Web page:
Why the Getty Research Institute acquired Gemini G.E.L. co-founder Sidney B. Felsen’s photo archive

Sidney Felsen, in his Gemini G.E.L. office, with many of his photographs on the wall. The Getty Research Institute has acquired his photo archive.
Sidney Felsen, in his Gemini G.E.L. office, with many of his photographs on the wall. The Getty Research Institute has acquired his photo archive.
(Stuart Palley / For The Times)

The Getty Research Institute has acquired the Sidney B. Felsen photography archive.

Felsen, who turns 95 next month, is co-founder, with the late Stanley Grinstein, of the artists workshop and fine art lithography publisher Gemini G.E.L., which opened its doors in 1966. His robust photo archive documents five decades of boundary-pushing work made at the Melrose Avenue studio by seminal artists including Robert Rauschenberg, Roy Lichtenstein, Claes Oldenburg, Ellsworth Kelly, Jasper Johns, David Hockney, Richard Serra and others.

The photographer and curator Jack Shear, Kelly’s husband, purchased the archive earlier this year from Felsen and donated it to the Getty. He also donated 15 prints to the Getty Museum’s department of photography.


The acquisition — which includes original slides and negatives along with digital prints and files, handmade calendars, Polaroids and 3D photographs — adds to efforts at the GRI to beef up its photography holdings of Los Angeles artists working in the latter half of the 20th century and early 21st century.

“We do have the photo archives of Jerry McMillan, Ed Ruscha and Malcolm Lubliner, but we only had a few images of Gemini G.E.L. printmaking activities,” said GRI associate curator of photographs Isotta Poggi. “Gemini is very important in showing the West Coast art scene, the art production here; this [gift] will contribute more visual documentation about the printmaking process and how it was used by very important contemporary American artists.”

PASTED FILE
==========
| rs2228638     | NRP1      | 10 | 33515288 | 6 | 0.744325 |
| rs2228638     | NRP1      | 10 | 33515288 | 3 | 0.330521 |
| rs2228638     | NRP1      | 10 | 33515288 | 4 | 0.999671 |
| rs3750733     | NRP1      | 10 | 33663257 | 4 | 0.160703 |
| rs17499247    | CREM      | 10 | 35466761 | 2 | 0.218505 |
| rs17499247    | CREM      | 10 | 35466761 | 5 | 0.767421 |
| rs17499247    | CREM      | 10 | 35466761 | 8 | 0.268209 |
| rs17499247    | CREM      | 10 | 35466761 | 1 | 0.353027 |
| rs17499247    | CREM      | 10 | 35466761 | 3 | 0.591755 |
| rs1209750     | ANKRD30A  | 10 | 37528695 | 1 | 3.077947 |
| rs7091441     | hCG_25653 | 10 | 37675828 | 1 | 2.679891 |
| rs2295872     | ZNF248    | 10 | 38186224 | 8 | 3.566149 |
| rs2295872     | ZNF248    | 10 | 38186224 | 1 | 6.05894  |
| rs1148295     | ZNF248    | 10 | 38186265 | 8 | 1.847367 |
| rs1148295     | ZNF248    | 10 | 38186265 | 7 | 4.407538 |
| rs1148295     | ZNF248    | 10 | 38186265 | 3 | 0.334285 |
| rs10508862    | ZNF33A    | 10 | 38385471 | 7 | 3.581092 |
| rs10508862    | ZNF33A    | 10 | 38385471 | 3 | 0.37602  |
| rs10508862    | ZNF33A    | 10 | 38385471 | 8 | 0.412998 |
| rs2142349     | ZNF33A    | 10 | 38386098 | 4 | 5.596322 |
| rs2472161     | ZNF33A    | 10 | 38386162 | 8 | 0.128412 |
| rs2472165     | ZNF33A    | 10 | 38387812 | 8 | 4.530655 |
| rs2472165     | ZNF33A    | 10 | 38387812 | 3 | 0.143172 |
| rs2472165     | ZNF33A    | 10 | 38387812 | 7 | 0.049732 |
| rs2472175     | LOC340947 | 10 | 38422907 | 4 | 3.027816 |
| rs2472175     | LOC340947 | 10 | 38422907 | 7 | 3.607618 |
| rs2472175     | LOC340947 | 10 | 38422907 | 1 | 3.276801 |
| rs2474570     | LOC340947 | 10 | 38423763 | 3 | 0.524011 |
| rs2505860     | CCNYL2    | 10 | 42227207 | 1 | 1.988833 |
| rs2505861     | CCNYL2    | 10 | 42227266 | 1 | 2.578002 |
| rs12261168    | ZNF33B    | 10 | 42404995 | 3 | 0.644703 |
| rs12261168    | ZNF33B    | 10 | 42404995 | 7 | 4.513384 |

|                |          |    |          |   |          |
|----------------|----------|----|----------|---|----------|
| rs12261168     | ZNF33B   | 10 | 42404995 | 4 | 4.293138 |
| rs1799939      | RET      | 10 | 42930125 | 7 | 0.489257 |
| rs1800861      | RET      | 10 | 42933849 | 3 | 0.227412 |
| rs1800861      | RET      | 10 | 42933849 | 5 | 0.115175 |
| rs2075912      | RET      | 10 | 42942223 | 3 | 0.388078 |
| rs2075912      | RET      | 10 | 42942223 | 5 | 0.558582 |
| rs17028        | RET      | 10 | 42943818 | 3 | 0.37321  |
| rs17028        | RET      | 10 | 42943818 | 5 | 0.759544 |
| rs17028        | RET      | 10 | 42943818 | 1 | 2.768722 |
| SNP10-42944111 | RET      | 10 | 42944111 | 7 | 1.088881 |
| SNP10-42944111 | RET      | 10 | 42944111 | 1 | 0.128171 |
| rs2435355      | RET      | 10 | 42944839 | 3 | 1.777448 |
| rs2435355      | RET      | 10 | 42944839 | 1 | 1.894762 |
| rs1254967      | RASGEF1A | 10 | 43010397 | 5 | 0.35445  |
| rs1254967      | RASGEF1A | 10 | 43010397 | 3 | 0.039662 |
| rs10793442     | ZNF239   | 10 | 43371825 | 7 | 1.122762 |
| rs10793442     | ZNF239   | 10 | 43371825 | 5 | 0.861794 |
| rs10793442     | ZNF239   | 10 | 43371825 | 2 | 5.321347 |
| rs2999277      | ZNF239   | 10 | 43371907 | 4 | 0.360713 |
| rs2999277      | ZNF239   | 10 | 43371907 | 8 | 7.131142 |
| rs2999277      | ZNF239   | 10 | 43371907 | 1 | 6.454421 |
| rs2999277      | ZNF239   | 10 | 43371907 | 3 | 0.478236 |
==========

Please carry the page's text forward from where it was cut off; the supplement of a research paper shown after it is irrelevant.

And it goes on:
Felsen, originally an accountant, studied painting and ceramics for fun as a young man. His passion for photography was sparked much earlier, though, with the gift of a Kodak Retina for his bar mitzvah in 1937. Throughout his years chronicling artists at work at Gemini, he typically shot quietly, from the sidelines, with a rangefinder camera because of its silent, unobtrusive shutter.

Last year, Gemini presented an exhibition of more than 200 of Felsen’s images, selected from about 2,000 negatives, “The Artist Observed.”

At the time, Felsen told The Los Angeles Times that the significance of his photography grew organically over time, taking even him by surprise. At first it was just a casual labor of love, though something he considered “an honor.” But as the years went by — and the boxes of negatives piled up — he realized: “Wow, this is art history that’s all around us.”


The GRI acquisition, he added recently, came at just the right time.

“As my 95th birthday was approaching, I felt it was time to find a happy home that will take care of the photography collection and respond to the many photo requests I receive,” he said. “So for me, it’s a dream come true. I’m a great admirer of the Getty and its remarkable staff, and I believe they will be very responsible and efficient in the care and storage of the archive.”

Felsen, who still enjoys taking photographs, turns 95 on Sept. 3.